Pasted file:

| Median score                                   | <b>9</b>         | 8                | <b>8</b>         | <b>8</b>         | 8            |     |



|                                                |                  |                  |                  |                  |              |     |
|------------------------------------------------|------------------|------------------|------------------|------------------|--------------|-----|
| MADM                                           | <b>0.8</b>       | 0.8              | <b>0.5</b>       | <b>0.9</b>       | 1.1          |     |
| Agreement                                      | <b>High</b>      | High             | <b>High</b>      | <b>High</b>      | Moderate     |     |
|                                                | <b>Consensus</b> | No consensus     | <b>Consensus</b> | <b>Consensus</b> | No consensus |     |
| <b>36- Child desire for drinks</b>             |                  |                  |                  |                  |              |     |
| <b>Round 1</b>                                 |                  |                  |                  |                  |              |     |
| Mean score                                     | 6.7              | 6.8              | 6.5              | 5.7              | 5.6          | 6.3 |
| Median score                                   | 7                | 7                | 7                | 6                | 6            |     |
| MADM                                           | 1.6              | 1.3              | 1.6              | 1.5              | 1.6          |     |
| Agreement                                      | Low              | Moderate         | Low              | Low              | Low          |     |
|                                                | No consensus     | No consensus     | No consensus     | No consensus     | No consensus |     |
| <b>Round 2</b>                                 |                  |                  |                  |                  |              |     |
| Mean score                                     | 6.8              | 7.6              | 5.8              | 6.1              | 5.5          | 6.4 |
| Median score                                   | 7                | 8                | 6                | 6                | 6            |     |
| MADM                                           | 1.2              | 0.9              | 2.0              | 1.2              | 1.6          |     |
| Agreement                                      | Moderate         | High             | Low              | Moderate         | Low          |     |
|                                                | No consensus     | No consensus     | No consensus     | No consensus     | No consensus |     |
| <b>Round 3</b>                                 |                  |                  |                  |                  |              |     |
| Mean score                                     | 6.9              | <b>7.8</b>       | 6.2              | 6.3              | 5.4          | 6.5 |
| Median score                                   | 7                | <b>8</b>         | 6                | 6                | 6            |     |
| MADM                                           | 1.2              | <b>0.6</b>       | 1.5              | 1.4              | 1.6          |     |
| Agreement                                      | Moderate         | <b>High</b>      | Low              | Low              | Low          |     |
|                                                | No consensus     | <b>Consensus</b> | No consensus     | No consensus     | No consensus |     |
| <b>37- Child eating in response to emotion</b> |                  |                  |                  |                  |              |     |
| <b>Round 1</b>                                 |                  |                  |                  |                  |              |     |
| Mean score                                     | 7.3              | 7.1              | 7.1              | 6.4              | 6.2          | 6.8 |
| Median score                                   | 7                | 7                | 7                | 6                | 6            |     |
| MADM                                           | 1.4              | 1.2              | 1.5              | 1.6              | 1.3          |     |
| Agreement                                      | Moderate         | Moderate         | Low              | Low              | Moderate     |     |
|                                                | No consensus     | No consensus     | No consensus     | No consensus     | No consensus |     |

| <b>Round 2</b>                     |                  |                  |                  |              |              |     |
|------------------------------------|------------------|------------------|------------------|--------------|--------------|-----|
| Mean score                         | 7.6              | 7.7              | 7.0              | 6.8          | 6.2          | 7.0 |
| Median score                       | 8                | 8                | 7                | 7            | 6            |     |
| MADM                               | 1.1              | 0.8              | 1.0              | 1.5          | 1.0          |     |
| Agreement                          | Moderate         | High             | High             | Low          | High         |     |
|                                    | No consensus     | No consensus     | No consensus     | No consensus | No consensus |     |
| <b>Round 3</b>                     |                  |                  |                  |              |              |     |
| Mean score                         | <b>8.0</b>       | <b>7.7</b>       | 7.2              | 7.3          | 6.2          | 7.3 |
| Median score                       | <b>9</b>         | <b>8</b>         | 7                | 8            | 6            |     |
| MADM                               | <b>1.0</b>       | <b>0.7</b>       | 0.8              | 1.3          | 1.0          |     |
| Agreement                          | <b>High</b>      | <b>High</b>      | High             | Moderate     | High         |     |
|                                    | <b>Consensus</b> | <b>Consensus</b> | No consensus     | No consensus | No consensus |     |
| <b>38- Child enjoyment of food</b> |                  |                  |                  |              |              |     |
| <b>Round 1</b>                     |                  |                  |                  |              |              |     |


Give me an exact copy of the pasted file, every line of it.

| Median score                                   | <b>9</b>         | 8                | <b>8</b>         | <b>8</b>         | 8            |     |



|                                                |                  |                  |                  |                  |              |     |
|------------------------------------------------|------------------|------------------|------------------|------------------|--------------|-----|
| MADM                                           | <b>0.8</b>       | 0.8              | <b>0.5</b>       | <b>0.9</b>       | 1.1          |     |
| Agreement                                      | <b>High</b>      | High             | <b>High</b>      | <b>High</b>      | Moderate     |     |
|                                                | <b>Consensus</b> | No consensus     | <b>Consensus</b> | <b>Consensus</b> | No consensus |     |
| <b>36- Child desire for drinks</b>             |                  |                  |                  |                  |              |     |
| <b>Round 1</b>                                 |                  |                  |                  |                  |              |     |
| Mean score                                     | 6.7              | 6.8              | 6.5              | 5.7              | 5.6          | 6.3 |
| Median score                                   | 7                | 7                | 7                | 6                | 6            |     |
| MADM                                           | 1.6              | 1.3              | 1.6              | 1.5              | 1.6          |     |
| Agreement                                      | Low              | Moderate         | Low              | Low              | Low          |     |
|                                                | No consensus     | No consensus     | No consensus     | No consensus     | No consensus |     |
| <b>Round 2</b>                                 |                  |                  |                  |                  |              |     |
| Mean score                                     | 6.8              | 7.6              | 5.8              | 6.1              | 5.5          | 6.4 |
| Median score                                   | 7                | 8                | 6                | 6                | 6            |     |
| MADM                                           | 1.2              | 0.9              | 2.0              | 1.2              | 1.6          |     |
| Agreement                                      | Moderate         | High             | Low              | Moderate         | Low          |     |
|                                                | No consensus     | No consensus     | No consensus     | No consensus     | No consensus |     |
| <b>Round 3</b>                                 |                  |                  |                  |                  |              |     |
| Mean score                                     | 6.9              | <b>7.8</b>       | 6.2              | 6.3              | 5.4          | 6.5 |
| Median score                                   | 7                | <b>8</b>         | 6                | 6                | 6            |     |
| MADM                                           | 1.2              | <b>0.6</b>       | 1.5              | 1.4              | 1.6          |     |
| Agreement                                      | Moderate         | <b>High</b>      | Low              | Low              | Low          |     |
|                                                | No consensus     | <b>Consensus</b> | No consensus     | No consensus     | No consensus |     |
| <b>37- Child eating in response to emotion</b> |                  |                  |                  |                  |              |     |
| <b>Round 1</b>                                 |                  |                  |                  |                  |              |     |
| Mean score                                     | 7.3              | 7.1              | 7.1              | 6.4              | 6.2          | 6.8 |
| Median score                                   | 7                | 7                | 7                | 6                | 6            |     |
| MADM                                           | 1.4              | 1.2              | 1.5              | 1.6              | 1.3          |     |
| Agreement                                      | Moderate         | Moderate         | Low              | Low              | Moderate     |     |
|                                                | No consensus     | No consensus     | No consensus     | No consensus     | No consensus |     |

| <b>Round 2</b>                     |                  |                  |                  |              |              |     |
|------------------------------------|------------------|------------------|------------------|--------------|--------------|-----|
| Mean score                         | 7.6              | 7.7              | 7.0              | 6.8          | 6.2          | 7.0 |
| Median score                       | 8                | 8                | 7                | 7            | 6            |     |
| MADM                               | 1.1              | 0.8              | 1.0              | 1.5          | 1.0          |     |
| Agreement                          | Moderate         | High             | High             | Low          | High         |     |
|                                    | No consensus     | No consensus     | No consensus     | No consensus | No consensus |     |
| <b>Round 3</b>                     |                  |                  |                  |              |              |     |
| Mean score                         | <b>8.0</b>       | <b>7.7</b>       | 7.2              | 7.3          | 6.2          | 7.3 |
| Median score                       | <b>9</b>         | <b>8</b>         | 7                | 8            | 6            |     |
| MADM                               | <b>1.0</b>       | <b>0.7</b>       | 0.8              | 1.3          | 1.0          |     |
| Agreement                          | <b>High</b>      | <b>High</b>      | High             | Moderate     | High         |     |
|                                    | <b>Consensus</b> | <b>Consensus</b> | No consensus     | No consensus | No consensus |     |
| <b>38- Child enjoyment of food</b> |                  |                  |                  |              |              |     |
| <b>Round 1</b>                     |                  |                  |                  |              |              |     |